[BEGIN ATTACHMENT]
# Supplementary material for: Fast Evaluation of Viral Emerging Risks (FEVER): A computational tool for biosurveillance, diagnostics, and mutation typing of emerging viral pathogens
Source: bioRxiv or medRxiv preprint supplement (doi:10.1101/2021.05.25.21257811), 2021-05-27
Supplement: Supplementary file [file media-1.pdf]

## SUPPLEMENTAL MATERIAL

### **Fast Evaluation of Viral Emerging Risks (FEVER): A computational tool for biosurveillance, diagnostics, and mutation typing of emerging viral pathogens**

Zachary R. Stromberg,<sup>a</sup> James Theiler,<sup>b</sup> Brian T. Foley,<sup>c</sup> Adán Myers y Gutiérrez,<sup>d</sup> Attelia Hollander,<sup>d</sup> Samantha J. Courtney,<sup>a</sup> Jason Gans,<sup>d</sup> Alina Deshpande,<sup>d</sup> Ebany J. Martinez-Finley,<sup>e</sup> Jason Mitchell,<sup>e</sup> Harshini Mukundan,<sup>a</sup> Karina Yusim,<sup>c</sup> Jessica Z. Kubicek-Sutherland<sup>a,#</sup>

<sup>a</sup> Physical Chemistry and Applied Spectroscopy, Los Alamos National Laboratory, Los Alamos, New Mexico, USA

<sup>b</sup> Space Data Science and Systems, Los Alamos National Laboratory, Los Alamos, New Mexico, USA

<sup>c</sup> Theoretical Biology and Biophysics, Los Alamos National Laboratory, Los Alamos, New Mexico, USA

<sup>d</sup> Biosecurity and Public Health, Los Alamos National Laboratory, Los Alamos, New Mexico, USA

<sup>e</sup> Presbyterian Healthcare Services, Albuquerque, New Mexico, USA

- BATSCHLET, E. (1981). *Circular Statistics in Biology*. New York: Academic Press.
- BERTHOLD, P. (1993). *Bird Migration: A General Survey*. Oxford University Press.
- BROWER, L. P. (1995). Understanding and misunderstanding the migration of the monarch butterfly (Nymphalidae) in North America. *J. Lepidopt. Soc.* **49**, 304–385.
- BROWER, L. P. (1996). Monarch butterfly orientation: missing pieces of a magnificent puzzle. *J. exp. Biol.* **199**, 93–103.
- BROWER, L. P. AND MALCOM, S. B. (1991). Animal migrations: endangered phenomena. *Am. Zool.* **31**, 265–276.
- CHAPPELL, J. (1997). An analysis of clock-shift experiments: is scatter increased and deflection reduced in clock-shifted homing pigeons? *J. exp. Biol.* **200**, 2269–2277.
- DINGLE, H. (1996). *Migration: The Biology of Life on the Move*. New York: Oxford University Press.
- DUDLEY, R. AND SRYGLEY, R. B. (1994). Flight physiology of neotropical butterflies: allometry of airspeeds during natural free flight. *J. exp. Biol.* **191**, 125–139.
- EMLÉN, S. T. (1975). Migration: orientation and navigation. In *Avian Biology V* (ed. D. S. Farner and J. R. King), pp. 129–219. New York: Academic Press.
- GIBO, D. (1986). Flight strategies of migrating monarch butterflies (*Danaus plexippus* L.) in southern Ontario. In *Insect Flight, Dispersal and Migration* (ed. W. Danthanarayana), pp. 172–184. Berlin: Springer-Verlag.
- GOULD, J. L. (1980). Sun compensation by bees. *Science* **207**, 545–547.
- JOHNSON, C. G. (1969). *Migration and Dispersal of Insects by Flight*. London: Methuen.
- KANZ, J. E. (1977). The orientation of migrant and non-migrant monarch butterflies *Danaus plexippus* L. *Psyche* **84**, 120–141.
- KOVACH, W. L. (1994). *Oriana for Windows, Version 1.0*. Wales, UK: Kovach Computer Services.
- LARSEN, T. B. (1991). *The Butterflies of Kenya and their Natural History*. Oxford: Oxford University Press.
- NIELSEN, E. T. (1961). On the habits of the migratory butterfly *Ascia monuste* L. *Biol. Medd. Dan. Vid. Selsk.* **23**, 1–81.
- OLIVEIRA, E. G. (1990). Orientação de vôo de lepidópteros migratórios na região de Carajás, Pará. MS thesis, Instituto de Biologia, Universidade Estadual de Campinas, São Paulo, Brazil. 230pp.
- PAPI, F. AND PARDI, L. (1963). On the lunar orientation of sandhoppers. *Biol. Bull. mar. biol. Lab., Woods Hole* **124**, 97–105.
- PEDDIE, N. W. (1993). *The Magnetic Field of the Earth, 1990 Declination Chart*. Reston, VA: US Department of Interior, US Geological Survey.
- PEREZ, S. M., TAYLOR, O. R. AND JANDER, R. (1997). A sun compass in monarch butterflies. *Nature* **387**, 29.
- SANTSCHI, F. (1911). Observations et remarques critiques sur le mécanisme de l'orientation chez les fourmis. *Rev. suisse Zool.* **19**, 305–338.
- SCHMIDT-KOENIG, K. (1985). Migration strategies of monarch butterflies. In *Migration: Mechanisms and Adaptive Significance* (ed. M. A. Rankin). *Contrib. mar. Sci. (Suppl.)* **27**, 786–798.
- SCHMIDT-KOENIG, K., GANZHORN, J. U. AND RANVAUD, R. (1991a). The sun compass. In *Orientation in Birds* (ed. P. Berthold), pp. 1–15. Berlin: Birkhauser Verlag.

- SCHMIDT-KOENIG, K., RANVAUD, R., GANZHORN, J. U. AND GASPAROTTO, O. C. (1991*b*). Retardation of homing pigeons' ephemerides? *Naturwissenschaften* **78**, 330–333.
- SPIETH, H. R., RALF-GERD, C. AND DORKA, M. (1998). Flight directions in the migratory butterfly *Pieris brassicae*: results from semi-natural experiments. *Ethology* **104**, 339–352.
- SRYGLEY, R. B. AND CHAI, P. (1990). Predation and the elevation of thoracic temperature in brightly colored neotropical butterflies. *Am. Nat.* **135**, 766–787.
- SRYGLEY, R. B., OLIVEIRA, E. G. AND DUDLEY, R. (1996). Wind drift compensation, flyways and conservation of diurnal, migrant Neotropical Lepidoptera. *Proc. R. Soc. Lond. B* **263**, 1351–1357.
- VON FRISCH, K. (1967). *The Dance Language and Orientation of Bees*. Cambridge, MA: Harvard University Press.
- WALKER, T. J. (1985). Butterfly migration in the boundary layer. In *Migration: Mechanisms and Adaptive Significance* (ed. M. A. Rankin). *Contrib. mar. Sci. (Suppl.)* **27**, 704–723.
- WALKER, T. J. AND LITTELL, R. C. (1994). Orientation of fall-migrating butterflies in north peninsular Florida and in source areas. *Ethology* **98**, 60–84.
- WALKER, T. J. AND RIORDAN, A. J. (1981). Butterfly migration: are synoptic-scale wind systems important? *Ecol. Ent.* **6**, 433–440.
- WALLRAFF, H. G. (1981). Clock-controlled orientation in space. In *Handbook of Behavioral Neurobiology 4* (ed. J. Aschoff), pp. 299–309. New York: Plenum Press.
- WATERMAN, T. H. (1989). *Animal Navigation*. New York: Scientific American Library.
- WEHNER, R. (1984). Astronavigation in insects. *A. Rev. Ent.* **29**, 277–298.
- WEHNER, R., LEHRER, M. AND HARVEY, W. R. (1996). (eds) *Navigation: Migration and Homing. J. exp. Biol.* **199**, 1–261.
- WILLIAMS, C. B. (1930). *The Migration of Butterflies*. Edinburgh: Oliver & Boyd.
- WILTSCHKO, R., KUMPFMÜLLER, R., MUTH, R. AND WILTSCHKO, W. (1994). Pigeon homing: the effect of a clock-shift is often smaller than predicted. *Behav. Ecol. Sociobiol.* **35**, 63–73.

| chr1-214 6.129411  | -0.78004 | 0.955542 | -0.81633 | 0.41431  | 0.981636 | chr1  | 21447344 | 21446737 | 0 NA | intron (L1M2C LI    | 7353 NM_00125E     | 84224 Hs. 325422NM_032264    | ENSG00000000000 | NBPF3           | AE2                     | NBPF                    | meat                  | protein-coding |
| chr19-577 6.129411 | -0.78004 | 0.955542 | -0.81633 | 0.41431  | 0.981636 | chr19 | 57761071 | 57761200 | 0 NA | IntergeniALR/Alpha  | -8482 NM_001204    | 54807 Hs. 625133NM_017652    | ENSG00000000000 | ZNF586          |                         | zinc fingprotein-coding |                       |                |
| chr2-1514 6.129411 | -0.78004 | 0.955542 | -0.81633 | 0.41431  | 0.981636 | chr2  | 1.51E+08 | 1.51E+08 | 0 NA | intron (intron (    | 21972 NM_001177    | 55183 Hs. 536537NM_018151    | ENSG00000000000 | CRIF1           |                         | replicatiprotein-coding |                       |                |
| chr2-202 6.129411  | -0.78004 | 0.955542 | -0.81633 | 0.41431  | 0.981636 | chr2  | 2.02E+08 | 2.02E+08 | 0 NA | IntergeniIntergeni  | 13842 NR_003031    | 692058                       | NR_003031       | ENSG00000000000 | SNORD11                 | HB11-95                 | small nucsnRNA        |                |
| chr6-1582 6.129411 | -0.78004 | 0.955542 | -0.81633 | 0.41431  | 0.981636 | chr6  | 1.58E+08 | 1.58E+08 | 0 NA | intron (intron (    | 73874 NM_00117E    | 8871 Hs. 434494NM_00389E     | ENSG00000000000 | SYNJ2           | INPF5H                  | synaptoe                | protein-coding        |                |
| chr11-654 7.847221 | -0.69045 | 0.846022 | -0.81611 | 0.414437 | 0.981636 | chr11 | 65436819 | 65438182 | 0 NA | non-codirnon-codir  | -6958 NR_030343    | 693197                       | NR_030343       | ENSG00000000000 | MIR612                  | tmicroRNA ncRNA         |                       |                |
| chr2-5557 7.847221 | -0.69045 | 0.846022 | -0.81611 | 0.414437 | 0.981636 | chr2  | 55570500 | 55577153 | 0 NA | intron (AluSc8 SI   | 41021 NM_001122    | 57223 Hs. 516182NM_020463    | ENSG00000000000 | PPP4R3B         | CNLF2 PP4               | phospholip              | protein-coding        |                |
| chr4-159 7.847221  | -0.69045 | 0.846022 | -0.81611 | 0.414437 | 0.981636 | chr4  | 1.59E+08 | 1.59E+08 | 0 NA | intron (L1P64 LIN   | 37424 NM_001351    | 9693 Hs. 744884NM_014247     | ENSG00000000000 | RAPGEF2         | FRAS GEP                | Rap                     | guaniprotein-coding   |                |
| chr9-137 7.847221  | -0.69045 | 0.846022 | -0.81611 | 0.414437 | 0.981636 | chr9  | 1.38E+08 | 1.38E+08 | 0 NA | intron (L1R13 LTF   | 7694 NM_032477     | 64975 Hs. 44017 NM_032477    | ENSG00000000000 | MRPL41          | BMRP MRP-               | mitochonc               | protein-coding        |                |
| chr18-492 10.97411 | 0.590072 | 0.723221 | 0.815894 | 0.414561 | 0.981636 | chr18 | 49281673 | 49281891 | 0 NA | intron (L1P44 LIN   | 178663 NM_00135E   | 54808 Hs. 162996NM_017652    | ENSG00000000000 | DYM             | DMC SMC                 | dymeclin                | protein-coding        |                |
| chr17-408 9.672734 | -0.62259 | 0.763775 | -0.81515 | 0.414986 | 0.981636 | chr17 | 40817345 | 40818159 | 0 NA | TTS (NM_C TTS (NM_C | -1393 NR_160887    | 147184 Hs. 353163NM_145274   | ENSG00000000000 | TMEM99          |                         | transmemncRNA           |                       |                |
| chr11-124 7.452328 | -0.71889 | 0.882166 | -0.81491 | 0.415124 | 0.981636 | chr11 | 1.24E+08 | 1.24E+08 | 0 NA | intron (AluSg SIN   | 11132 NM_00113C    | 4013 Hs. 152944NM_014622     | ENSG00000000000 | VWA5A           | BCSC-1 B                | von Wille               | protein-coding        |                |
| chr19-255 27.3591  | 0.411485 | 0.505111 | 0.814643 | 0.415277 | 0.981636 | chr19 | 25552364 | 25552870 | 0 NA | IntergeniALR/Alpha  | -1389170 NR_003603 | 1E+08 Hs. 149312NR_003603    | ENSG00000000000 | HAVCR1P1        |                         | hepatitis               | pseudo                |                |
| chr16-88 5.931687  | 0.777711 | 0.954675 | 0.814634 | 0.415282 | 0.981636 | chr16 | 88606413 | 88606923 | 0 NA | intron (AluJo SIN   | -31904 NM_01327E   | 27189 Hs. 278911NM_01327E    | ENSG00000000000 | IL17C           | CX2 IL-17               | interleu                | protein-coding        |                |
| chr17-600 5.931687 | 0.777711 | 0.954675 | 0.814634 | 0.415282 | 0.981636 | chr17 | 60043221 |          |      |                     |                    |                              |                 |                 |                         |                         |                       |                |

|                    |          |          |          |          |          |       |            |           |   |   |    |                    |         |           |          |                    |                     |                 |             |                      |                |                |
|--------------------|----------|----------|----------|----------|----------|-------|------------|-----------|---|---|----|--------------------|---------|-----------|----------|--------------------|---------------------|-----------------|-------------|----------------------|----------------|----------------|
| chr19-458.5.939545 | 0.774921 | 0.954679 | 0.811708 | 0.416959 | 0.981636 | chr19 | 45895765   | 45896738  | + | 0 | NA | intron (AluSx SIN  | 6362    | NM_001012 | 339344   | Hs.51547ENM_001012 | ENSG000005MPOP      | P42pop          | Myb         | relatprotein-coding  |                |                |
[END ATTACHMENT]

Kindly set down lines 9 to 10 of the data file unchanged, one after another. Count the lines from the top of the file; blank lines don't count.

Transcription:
<sup>c</sup> Theoretical Biology and Biophysics, Los Alamos National Laboratory, Los Alamos, New Mexico, USA

<sup>d</sup> Biosecurity and Public Health, Los Alamos National Laboratory, Los Alamos, New Mexico, USA